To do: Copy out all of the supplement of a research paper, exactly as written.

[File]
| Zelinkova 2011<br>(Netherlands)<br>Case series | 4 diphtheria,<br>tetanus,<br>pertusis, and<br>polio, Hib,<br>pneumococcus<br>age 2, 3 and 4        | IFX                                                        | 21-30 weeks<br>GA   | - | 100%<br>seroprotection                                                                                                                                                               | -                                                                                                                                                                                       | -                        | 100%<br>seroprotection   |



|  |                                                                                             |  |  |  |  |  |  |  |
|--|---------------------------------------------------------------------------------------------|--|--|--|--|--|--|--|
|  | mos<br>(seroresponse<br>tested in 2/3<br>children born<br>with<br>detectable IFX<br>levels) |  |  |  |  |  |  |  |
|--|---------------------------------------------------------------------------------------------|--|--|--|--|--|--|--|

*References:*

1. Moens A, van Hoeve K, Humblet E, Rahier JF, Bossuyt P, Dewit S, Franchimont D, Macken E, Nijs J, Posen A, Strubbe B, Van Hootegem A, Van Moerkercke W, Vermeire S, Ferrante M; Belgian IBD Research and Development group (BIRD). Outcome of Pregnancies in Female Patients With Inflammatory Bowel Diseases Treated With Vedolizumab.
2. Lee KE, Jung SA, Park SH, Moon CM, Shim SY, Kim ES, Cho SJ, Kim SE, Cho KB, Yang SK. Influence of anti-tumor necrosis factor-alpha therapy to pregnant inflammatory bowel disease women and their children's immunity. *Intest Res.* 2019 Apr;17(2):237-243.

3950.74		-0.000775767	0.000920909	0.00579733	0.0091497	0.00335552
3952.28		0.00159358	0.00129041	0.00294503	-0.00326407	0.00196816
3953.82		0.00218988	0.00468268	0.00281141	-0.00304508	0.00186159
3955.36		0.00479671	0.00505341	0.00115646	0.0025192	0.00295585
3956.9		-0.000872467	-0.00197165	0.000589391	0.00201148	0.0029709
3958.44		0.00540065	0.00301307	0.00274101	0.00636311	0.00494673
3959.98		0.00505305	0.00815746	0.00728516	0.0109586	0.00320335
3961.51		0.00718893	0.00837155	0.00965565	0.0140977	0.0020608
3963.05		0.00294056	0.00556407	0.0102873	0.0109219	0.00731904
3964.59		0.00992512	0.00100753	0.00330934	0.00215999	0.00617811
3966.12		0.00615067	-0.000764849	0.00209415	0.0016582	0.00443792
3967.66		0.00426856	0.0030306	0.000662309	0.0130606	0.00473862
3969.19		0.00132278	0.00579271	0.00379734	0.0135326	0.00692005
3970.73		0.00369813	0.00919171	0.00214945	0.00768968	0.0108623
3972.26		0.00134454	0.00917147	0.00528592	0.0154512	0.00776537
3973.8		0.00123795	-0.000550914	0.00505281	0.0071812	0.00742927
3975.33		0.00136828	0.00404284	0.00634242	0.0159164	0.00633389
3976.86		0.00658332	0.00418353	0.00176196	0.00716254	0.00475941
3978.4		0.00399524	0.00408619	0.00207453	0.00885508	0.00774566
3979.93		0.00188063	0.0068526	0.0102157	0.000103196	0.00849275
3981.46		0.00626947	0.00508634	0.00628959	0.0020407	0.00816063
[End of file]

| Zelinkova 2011<br>(Netherlands)<br>Case series | 4 diphtheria,<br>tetanus,<br>pertusis, and<br>polio, Hib,<br>pneumococcus<br>age 2, 3 and 4        | IFX                                                        | 21-30 weeks<br>GA   | - | 100%<br>seroprotection                                                                                                                                                               | -                                                                                                                                                                                       | -                        | 100%<br>seroprotection   |



|  |                                                                                             |  |  |  |  |  |  |  |
|--|---------------------------------------------------------------------------------------------|--|--|--|--|--|--|--|
|  | mos<br>(seroresponse<br>tested in 2/3<br>children born<br>with<br>detectable IFX<br>levels) |  |  |  |  |  |  |  |
|--|---------------------------------------------------------------------------------------------|--|--|--|--|--|--|--|

*References:*

1. Moens A, van Hoeve K, Humblet E, Rahier JF, Bossuyt P, Dewit S, Franchimont D, Macken E, Nijs J, Posen A, Strubbe B, Van Hootegem A, Van Moerkercke W, Vermeire S, Ferrante M; Belgian IBD Research and Development group (BIRD). Outcome of Pregnancies in Female Patients With Inflammatory Bowel Diseases Treated With Vedolizumab.
2. Lee KE, Jung SA, Park SH, Moon CM, Shim SY, Kim ES, Cho SJ, Kim SE, Cho KB, Yang SK. Influence of anti-tumor necrosis factor-alpha therapy to pregnant inflammatory bowel disease women and their children's immunity. *Intest Res.* 2019 Apr;17(2):237-243.

3950.74		-0.000775767	0.000920909	0.00579733	0.0091497	0.00335552
3952.28		0.00159358	0.00129041	0.00294503	-0.00326407	0.00196816
3953.82		0.00218988	0.00468268	0.00281141	-0.00304508	0.00186159
3955.36		0.00479671	0.00505341	0.00115646	0.0025192	0.00295585
3956.9		-0.000872467	-0.00197165	0.000589391	0.00201148	0.0029709
3958.44		0.00540065	0.00301307	0.00274101	0.00636311	0.00494673
3959.98		0.00505305	0.00815746	0.00728516	0.0109586	0.00320335
3961.51		0.00718893	0.00837155	0.00965565	0.0140977	0.0020608
3963.05		0.00294056	0.00556407	0.0102873	0.0109219	0.00731904
3964.59		0.00992512	0.00100753	0.00330934	0.00215999	0.00617811
3966.12		0.00615067	-0.000764849	0.00209415	0.0016582	0.00443792
3967.66		0.00426856	0.0030306	0.000662309	0.0130606	0.00473862
3969.19		0.00132278	0.00579271	0.00379734	0.0135326	0.00692005
3970.73		0.00369813	0.00919171	0.00214945	0.00768968	0.0108623
3972.26		0.00134454	0.00917147	0.00528592	0.0154512	0.00776537
3973.8		0.00123795	-0.000550914	0.00505281	0.0071812	0.00742927
3975.33		0.00136828	0.00404284	0.00634242	0.0159164	0.00633389
3976.86		0.00658332	0.00418353	0.00176196	0.00716254	0.00475941
3978.4		0.00399524	0.00408619	0.00207453	0.00885508	0.00774566
3979.93		0.00188063	0.0068526	0.0102157	0.000103196	0.00849275
3981.46		0.00626947	0.00508634	0.00628959	0.0020407	0.00816063